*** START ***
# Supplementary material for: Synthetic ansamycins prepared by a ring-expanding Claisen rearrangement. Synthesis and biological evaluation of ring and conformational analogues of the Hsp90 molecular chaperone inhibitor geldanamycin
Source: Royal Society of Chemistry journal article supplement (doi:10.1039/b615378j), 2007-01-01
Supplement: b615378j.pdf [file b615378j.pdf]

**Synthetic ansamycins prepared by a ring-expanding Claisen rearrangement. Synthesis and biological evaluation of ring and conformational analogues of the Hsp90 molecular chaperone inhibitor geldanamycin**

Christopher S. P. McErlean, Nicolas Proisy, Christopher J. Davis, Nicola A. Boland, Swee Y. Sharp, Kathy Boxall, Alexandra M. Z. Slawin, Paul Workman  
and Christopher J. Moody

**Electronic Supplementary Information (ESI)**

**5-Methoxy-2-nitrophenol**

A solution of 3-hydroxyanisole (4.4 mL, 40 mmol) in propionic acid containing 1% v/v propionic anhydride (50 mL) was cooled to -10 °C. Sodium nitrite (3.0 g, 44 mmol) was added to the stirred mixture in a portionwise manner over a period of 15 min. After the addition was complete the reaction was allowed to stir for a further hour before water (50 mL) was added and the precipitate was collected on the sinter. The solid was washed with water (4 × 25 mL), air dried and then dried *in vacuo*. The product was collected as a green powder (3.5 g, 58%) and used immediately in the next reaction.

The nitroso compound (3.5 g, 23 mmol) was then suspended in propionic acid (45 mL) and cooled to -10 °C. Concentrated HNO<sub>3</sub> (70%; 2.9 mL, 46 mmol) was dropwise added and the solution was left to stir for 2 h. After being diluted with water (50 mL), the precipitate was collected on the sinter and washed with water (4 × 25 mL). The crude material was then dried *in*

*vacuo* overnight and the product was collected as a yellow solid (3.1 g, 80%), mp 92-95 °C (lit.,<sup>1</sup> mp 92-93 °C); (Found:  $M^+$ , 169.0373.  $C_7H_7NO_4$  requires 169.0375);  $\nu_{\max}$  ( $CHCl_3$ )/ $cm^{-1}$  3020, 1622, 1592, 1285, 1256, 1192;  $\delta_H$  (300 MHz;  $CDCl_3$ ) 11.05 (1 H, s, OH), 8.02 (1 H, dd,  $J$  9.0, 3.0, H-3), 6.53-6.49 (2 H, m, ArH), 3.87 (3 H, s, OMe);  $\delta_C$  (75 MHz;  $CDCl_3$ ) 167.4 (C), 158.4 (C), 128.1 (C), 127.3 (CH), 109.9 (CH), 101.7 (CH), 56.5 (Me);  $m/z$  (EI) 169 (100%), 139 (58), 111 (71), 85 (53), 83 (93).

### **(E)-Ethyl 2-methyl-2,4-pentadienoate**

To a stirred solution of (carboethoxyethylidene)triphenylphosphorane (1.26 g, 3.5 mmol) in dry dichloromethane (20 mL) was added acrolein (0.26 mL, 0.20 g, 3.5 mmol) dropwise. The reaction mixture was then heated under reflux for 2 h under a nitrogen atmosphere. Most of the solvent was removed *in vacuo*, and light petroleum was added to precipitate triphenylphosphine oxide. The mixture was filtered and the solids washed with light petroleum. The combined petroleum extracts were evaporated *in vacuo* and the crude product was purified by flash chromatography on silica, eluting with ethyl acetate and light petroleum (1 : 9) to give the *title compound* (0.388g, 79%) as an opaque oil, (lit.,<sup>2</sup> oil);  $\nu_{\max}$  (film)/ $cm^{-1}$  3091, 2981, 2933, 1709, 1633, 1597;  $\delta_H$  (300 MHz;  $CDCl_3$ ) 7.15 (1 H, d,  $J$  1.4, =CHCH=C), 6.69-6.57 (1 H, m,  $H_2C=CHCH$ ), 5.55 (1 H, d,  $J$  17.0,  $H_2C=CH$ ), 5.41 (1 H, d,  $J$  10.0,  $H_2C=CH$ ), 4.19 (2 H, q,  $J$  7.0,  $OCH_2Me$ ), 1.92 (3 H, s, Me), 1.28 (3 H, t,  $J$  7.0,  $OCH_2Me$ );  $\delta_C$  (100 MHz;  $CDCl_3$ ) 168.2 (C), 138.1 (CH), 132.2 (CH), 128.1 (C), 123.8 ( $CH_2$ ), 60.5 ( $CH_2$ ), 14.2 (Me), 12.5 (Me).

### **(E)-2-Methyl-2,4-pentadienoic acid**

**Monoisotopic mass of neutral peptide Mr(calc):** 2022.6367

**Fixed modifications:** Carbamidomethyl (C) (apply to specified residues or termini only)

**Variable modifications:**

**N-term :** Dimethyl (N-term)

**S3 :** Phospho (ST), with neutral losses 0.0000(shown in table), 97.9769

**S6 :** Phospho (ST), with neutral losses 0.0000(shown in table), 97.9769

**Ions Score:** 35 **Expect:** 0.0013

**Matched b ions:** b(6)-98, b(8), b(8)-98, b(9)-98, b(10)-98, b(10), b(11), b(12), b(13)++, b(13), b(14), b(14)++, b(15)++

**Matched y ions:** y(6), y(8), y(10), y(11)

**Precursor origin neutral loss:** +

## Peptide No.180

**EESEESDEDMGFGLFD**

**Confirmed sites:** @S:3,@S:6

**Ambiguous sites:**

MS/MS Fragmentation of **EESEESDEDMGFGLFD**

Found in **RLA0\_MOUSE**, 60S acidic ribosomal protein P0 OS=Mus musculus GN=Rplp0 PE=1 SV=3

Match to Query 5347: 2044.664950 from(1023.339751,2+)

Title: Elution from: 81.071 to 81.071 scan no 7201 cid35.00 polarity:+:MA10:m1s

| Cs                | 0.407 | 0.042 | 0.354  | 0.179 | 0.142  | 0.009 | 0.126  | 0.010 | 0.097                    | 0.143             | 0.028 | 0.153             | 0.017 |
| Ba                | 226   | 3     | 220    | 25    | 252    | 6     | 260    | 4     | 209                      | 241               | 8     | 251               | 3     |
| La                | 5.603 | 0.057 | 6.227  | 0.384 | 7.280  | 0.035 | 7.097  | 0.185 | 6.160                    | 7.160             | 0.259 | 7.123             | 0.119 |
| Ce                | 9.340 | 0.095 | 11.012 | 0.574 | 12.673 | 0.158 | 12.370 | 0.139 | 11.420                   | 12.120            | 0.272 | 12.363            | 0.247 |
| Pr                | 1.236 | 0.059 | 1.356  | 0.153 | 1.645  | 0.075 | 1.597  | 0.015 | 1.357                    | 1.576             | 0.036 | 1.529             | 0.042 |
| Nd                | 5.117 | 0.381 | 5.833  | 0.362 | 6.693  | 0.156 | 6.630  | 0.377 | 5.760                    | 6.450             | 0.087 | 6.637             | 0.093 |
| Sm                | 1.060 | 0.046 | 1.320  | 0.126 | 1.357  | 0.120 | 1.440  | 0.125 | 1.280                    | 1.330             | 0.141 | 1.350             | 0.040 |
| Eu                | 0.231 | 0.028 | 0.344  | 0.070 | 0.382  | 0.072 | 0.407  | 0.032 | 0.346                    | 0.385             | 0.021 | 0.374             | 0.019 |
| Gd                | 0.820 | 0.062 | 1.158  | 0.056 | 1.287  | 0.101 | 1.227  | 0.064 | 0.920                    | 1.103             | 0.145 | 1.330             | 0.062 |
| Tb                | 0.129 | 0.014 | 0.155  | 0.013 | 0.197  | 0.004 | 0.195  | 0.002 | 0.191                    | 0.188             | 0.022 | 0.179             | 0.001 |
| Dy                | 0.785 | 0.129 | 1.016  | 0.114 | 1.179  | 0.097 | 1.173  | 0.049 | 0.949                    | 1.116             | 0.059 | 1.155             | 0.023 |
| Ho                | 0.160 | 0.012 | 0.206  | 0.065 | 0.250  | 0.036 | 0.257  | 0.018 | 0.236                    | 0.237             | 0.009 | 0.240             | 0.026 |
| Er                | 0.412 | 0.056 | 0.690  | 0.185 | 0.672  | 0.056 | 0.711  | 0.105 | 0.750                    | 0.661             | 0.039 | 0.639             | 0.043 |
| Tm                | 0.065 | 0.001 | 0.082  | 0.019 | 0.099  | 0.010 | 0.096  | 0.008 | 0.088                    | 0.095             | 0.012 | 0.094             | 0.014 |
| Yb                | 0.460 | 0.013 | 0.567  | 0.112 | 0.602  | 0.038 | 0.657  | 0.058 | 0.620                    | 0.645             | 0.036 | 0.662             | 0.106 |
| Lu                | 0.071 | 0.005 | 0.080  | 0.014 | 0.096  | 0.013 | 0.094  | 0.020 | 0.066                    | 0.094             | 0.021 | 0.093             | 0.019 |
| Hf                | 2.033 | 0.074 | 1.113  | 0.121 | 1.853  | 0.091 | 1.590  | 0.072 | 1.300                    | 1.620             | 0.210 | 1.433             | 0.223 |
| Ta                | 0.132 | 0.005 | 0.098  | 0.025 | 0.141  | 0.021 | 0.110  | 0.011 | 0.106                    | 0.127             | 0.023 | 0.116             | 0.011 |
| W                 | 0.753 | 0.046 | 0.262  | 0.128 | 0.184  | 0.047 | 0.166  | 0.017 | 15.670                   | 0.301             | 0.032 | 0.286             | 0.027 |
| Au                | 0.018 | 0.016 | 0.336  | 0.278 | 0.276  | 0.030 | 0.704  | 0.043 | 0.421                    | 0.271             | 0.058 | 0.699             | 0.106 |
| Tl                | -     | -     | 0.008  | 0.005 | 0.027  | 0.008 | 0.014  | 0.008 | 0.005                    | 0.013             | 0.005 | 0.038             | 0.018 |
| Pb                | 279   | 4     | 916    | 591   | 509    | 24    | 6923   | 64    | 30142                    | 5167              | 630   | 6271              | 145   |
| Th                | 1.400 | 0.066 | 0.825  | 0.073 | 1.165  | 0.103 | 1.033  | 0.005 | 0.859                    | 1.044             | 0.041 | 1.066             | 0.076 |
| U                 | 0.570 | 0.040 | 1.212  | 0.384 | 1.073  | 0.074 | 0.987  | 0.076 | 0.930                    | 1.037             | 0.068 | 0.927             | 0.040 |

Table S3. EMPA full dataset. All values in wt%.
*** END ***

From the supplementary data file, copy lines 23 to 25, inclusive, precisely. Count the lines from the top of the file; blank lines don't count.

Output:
**Matched y ions:** y(6), y(8), y(10), y(11)

**Precursor origin neutral loss:** +

## Peptide No.180